todd
 

Online Marco

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Re: "Hearing Assistant/Aid"
« Reply #25 on: February 11, 2013, 09:11:27 am »
The pure in ear devices are justifiably expensive ... they are also highly unoptimal.

Necklace worn microphones offer far superior information for source separation filters ... and avoid the need of trying to get all the DSP hardware into a tiny in ear device. Getting stuff like voice detection and blind source separation right though seems non trivial.
« Last Edit: February 11, 2013, 09:16:53 am by Marco »
 

HLA-27b

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Re: "Hearing Assistant/Aid"
« Reply #26 on: February 11, 2013, 02:15:30 pm »
Can someone point to some reading material about the nature of the signal processing that needs to be done?

For example when we are talking about hearing damage are we talking about decreased sensitivity across the bandwidth of for example loss of hearing in a certain part of the bandwidth?

Besides the standard LP HP and BP filters, do we need to consider compressors? For example if the person's hearing only works between 200 - 600 Hz do we need to compress the entire spectrum to this particular range or do we just apply filtering? Hell I don't even know if this selective bandwidth thing even exists..?
 

Offline shaddai

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Re: "Hearing Assistant/Aid"
« Reply #27 on: February 11, 2013, 08:40:03 pm »
Quote
Can someone point to some reading material about the nature of the signal processing that needs to be done?
Do you mean how DSP works, or what should happen in the 'real' analog world of creating clarity of sound for your ears?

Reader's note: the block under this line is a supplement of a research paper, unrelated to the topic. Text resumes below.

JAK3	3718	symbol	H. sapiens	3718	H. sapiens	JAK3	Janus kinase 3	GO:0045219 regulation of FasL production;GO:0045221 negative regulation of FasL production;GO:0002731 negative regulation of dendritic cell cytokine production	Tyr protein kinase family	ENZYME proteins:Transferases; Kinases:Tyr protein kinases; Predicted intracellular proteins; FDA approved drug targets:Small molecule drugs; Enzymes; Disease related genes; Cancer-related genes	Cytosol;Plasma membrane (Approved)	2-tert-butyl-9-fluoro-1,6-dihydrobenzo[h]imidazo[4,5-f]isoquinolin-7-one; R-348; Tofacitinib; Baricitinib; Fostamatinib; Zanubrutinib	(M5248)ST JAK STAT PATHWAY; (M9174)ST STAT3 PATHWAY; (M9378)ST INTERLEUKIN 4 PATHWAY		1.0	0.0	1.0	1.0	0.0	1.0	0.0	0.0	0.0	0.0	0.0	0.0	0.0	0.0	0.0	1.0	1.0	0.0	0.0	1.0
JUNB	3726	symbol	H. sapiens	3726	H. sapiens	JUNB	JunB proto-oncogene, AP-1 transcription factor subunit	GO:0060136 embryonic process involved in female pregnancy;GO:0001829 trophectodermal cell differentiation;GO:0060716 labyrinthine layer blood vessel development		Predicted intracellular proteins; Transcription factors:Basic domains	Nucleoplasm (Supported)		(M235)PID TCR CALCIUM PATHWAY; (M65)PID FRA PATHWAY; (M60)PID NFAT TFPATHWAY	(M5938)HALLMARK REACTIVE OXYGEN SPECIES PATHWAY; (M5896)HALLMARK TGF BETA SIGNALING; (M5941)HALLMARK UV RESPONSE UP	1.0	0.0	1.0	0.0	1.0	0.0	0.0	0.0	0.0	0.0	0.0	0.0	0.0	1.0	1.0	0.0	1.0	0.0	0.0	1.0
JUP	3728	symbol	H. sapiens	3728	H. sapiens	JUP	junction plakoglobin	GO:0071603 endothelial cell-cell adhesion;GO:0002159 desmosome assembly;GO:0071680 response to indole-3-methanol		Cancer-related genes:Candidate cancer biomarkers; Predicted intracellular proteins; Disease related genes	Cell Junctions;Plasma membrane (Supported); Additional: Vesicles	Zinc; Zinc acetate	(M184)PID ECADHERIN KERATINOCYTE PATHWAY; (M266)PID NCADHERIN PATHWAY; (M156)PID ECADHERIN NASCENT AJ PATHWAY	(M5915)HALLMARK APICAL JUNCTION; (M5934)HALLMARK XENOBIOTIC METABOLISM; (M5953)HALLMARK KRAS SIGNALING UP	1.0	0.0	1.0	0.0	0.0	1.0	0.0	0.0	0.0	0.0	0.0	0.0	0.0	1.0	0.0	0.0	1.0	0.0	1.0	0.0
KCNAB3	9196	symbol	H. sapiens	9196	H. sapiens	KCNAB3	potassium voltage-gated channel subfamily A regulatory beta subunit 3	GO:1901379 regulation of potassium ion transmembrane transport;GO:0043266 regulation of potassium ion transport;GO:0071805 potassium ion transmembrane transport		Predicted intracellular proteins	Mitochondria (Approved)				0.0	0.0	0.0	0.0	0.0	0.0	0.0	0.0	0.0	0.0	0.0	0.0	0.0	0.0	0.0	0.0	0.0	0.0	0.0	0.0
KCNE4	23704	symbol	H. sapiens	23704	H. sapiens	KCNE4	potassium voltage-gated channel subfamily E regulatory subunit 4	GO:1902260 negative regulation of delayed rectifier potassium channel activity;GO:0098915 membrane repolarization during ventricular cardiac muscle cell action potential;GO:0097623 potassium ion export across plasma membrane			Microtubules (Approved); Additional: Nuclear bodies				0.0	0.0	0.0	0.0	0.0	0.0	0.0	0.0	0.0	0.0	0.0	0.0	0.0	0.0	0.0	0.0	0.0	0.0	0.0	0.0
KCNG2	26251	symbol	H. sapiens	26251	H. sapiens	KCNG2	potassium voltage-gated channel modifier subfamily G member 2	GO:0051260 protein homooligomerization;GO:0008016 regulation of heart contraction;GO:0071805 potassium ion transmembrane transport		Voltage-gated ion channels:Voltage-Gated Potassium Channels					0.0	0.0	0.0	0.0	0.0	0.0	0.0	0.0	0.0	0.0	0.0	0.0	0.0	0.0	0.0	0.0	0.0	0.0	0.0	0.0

Quote
do we need to consider compressors? For example if the person's hearing only works between 200 - 600 Hz do we need to compress the entire spectrum to this particular range or do we just apply filtering?
Compressors compress dynamic range..ie: turn loud things down in a very fast manner...like reshaping the sound of a snare drum hit, or leveling out volume between bass guitar notes. I'd imagine this is precisely what you wouldn't want to do with hearing assistance because it could kill off the clarity of consonants. Now, an expander + a limiter, that might be useful to make consonants louder & then limit them to a max loudness.

Moving a 2000hz sound down to a 200hz sound is pitch shifting. It's typically kinda mucky & bizarre sounding if you're being that aggressive with it.

Quote
Hell I don't even know if this selective bandwidth thing even exists..?

Seems to me you could hook a microphone to preliminary HP/LP/BP filters, then split the signal to a super snappy VCA chip, and send the rest of it to a dsPic/blackfin/whatever running an FFT routine or something like that. Once the dsPic deciphers sounds from 2khz-4khz, use it's DA converter to juice the gain on a VCA. Use that with some open air earbuds & only amplify the frequency range that needs to be amplified, and only when it is present. The whole board could be 2-3 chips + some passive components. Might even get someone to make a windows gui to write amplification behavior tables to the dsPic.

Just a thought.

todd 

 

HLA-27b

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Re: "Hearing Assistant/Aid"
« Reply #28 on: February 11, 2013, 09:52:57 pm »
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Can someone point to some reading material about the nature of the signal processing that needs to be done?